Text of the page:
Monday, September 30, 2013

The day the ‘Gates’ came down

This is NOT about football, but it IS about sports, a young man and the kind of dreams that can only be satisfied by sitting in the stands of a stadium on a special day … and seeing your favorite team perform miracles through an athletes.
When I read of the passing this past weekend of Detroit Tigers outfielder-pinch-hitter extraordinaire Williams James “Gates” Brown (at the age of 74), I began surfing for photos of him during his Tiger career. Suddenly I spotted the photo you see here and I immediately knew where it came from and what had happened.
You see, I was there! Sunday, August 11, 1968, with his parents, sitting behind the first base (visiting) dugout at Detroit’s Tiger Stadium, celebrating my 16th birthday. Of all the possible presents, or methods to celebrate a pretty significant birth date, ALL I wanted was to be there, rooting for my all-time favorite team – for whom I always wanted to play first base as an adult.
My folks wanted me to be a doctor, lawyer or an accountant; I wanted to be the next Stormin’ Norman Cash (the pride of Justiceburg, Texas, as the late Ernie Harwell would introduce him). It would be my personal level of nirvana to have done that.
It was a grand afternoon and making the situation even more delicious, it was a (scheduled) doubleheader against the Boston Red Sox – back in the time when such twinbills were actually part of the MLB scheduling process. Two-for-one tickets – either as twilight doubleheaders or Sunday afternoon fare – were the biggest bargain in all sports; you paid just once, waited 20 minutes between final outs and first pitches, and got settled for another nine innings … or more.
On this afternoon, it was the “or more” that prevailed. The first game headed into the bottom of the 14th inning, even at 4-all, when Manager Mayo Smith sent up his best pinch-hitter, Gates Brown, a left-handed hitter to face Boston relief ace Sparky Lyle (he was a Red Sox before being traded to the Yankees).
A thunderous ovation greeted the man from Crestline, Ohio, who had earned the city’s trust and devotion as part of his eventual redemption that led his to baseball. A three-sport, all-state athlete in high school, he was recruited for football by Notre Dame, Ohio State … and the University of Michigan.
But Brown ran afoul of the law with a burglary conviction in 1958 and was sent to the Ohio State Reformatory for a three-year sentence (he served 22 months for that crime).
It was while in prison, Brown’s talent for mashing the crap out of a baseball was noticed by one of the guards, who began contacting major league teams to judge their interest. The one team stepping forward was Detroit, who eventually signed the man nicknamed “Gates” for his long home runs inside the prison walls.
Brown played only in a Tiger uniform from 1963-75 and was a vital member of that 1968 World Championship Tigers squad – one of the best teams in MLB history and one of its least appreciated. And on no other day than Aug. 11 was Gates Brown MORE vital than in that doubleheader.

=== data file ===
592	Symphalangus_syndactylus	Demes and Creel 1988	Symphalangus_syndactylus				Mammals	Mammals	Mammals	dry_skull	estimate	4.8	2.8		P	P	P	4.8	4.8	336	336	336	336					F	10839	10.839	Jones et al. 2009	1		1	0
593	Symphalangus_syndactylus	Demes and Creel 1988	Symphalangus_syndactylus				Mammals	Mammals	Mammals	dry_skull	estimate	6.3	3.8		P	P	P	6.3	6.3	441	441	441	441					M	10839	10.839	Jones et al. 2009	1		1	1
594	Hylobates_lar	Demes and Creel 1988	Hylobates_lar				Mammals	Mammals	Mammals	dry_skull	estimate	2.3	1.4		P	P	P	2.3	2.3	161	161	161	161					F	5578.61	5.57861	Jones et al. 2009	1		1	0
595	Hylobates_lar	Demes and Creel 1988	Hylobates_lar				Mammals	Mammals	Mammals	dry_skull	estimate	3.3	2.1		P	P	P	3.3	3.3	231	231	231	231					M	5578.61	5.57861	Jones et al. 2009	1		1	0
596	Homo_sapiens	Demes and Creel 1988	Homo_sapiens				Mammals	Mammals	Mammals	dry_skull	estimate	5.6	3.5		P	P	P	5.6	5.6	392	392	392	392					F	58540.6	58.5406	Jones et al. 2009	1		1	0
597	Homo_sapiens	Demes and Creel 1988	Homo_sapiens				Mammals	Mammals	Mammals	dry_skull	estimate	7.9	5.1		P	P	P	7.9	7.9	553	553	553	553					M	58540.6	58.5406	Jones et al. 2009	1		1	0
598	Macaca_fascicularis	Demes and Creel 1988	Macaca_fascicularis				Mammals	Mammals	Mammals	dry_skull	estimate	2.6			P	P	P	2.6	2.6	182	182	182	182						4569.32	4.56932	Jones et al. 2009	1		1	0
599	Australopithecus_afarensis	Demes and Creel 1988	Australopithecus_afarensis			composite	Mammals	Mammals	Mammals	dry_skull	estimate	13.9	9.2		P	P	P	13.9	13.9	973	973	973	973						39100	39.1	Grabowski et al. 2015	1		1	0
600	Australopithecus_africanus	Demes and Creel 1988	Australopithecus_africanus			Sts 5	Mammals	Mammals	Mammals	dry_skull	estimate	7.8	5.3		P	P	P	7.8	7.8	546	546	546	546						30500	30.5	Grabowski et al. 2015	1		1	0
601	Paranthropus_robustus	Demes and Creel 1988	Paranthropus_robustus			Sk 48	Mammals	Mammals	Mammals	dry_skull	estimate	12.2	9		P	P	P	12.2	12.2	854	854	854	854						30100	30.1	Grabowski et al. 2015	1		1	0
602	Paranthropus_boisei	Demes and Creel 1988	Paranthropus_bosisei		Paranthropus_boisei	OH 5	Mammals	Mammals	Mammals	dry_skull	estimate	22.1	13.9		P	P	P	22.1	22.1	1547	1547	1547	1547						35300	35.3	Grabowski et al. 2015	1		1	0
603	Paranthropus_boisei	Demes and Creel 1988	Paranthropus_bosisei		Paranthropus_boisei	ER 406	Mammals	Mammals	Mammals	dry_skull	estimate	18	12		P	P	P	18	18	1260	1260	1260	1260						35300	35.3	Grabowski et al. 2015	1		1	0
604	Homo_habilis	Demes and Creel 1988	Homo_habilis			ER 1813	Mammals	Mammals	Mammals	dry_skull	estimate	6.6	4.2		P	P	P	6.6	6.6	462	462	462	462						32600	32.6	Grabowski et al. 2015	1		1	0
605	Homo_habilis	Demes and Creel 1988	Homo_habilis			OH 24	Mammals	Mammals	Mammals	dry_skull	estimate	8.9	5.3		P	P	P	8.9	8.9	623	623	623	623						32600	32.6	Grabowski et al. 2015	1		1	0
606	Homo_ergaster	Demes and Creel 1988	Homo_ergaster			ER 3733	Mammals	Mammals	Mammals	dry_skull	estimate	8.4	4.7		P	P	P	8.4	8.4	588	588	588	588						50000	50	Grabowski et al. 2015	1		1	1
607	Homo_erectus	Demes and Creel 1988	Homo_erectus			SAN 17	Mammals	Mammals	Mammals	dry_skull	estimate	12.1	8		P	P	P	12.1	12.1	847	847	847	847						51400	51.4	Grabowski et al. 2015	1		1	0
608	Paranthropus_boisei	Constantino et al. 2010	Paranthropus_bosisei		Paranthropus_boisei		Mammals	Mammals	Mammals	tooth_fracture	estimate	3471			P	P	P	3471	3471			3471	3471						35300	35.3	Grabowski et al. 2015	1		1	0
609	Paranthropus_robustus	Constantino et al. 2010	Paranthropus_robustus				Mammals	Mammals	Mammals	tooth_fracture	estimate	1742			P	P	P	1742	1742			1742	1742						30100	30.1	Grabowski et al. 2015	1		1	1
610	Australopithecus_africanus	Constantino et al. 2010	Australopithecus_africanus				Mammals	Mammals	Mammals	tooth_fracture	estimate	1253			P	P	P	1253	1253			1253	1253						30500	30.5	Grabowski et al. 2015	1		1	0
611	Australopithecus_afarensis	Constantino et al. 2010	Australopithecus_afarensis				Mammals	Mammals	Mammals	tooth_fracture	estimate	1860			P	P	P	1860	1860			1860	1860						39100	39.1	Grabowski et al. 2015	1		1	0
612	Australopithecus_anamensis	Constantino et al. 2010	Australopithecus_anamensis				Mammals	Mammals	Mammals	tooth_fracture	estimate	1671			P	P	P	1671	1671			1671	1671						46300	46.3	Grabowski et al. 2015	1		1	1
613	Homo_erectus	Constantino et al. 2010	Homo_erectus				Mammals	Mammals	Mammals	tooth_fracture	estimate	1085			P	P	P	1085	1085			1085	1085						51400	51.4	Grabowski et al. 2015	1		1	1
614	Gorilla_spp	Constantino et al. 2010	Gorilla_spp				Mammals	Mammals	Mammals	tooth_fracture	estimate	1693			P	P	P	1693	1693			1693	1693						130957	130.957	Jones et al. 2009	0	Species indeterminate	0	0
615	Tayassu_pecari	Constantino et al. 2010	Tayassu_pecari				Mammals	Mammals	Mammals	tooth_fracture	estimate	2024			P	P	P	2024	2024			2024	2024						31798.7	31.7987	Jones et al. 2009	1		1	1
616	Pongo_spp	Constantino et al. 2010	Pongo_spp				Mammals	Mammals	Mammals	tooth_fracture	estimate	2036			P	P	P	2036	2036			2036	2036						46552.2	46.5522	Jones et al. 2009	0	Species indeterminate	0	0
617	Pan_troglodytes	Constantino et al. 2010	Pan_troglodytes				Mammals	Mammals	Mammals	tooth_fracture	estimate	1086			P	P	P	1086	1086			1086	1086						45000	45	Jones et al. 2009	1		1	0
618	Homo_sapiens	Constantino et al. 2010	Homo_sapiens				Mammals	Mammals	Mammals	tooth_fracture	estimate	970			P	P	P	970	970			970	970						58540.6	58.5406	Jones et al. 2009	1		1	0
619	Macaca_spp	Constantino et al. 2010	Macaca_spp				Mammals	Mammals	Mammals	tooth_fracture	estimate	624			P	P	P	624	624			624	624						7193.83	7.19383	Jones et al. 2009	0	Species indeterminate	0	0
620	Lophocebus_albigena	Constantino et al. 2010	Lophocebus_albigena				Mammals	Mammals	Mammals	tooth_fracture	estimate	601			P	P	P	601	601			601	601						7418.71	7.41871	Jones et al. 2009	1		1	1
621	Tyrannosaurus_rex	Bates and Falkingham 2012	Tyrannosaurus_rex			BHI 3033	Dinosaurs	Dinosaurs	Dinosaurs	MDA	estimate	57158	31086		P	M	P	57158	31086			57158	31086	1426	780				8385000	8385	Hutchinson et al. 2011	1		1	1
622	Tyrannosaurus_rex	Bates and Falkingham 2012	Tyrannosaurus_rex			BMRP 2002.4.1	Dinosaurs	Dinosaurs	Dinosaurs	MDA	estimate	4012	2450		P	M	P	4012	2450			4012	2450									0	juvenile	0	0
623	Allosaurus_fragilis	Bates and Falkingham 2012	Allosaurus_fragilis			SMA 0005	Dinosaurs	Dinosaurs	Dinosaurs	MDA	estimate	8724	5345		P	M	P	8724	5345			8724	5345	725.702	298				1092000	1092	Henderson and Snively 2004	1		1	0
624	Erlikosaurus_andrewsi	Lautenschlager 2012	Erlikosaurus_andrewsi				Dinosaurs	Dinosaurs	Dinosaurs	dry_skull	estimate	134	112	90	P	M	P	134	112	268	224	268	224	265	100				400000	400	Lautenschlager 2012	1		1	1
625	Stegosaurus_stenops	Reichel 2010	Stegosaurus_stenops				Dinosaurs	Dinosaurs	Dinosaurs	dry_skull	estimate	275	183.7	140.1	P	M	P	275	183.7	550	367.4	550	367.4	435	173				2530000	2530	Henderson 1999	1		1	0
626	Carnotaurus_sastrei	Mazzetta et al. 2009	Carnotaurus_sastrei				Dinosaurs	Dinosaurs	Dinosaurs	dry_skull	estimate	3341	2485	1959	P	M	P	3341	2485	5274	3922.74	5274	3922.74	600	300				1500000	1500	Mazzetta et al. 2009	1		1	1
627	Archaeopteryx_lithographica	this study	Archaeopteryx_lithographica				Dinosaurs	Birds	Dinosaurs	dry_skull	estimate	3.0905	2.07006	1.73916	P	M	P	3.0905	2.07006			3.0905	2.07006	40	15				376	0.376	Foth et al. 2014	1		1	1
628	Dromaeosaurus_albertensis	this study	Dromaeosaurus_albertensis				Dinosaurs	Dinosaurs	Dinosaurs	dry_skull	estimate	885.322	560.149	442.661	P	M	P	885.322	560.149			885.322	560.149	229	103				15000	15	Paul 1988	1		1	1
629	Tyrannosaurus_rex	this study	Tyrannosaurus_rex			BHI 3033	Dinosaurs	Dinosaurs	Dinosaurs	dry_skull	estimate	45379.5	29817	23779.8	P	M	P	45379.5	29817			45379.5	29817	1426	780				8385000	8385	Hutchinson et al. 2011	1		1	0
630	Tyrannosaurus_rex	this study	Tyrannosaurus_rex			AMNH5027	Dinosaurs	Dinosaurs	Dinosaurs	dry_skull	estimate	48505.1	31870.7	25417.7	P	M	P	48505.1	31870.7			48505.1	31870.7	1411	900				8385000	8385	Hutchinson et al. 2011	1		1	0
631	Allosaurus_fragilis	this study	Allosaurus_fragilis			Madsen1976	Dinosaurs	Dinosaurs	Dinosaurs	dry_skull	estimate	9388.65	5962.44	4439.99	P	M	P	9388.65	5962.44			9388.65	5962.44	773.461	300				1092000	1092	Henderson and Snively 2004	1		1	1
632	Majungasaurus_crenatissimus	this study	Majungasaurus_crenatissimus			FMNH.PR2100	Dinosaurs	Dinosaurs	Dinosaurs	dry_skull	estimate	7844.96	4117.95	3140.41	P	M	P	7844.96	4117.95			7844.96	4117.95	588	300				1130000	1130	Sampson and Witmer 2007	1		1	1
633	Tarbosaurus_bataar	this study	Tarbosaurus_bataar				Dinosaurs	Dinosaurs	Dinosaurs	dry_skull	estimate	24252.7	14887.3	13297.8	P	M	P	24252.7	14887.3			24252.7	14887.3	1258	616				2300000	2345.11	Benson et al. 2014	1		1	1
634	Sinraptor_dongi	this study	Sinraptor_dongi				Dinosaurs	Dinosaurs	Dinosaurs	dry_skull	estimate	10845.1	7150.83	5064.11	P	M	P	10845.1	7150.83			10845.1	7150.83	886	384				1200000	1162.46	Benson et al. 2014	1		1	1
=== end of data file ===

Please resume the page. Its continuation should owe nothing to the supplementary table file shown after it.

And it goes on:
A big, burly man, Brown filled up the batter’s box with his wide stance and no-stride approach. As he slowly rocked back-and-forth, he took one of Lyle’s sliders and crushed it on a straight line, no more than 10 feet off the ground, deep to right field. It left his bat like a cannon shot and cleared the fence with a few inches to spare, winning the marathon first game.
The celebration that followed when he crossed home plate, being mobbed by teammates Willie Horton and Mickey Lolich (the winning pitcher in relief during the time he was banished to the bullpen in 1968 – his World Series would come unexpectedly later).
My Dad and I only had a second or two to cheer; we both bolted for the nearest exit and the closest men’s room available. The 14 innings had taken a toll on both our bladders.
True to the word, 20 minutes later, Game Two started, much to the aggravation of my mother. She had made reservations at a top Detroit restaurant (Joe Muer’s) for my birthday dinner and this extra-lengthy afternoon was mucking up her plans.
I had learned the Yogi Berra-ism from my father, “It ain’t over ‘til it’s over,” and Game 2 was running into nighttime. Down 7-3 headed to the bottom of the ninth, and ... again Lyle, the league’s best reliever, my mother, staring a hole through her watch, kept insisting we all leave.
However, I objected! A fish dinner was not worth the sight of Tiger Stadium at night and I had faith like Oral Roberts had healings. I wanted to stay and my Dad backed me up on this, “Diane, this IS his day after all.”
A single here, a single there, an error tossed into the mix by normally reliable Bosox shortstop Rico Petrocelli and a seeing-eye dribbler by superstar Al Kaline, miraculously tied the game. And up stepped Gates Brown.
My mother promptly announced, win or lose … or tie, we were departing after that inning, so I wished with all my might for a positive outcome.
With two outs and a 2-2 count on “The Gator,” he topped a fastball hard enough to roll under Lyle’s glove, through the infield, over the second base bag and into centerfield. As the winning run crossed the plate, the crowd (half of the original 46,000 sellout actually remainder) erupted as the Tigers again mobbed Brown, celebrated his heroics and took a stranglehold on the American League race (it was the final year of pennant races without divisional play, mind you).
The Muer’s reservation was out the door so we had a late dinner at some diner, which, with the awesome taste of victory, was a scrumptious meal.
That is how I remember Gates Brown, the highlight of a young boy’s 16th birthday and as a Tiger forever beloved.
Hopefully, beginning this weekend, the 2013 roster will dedicate its World Series chase to the memory of one of their own. Go get ‘em Tigers!

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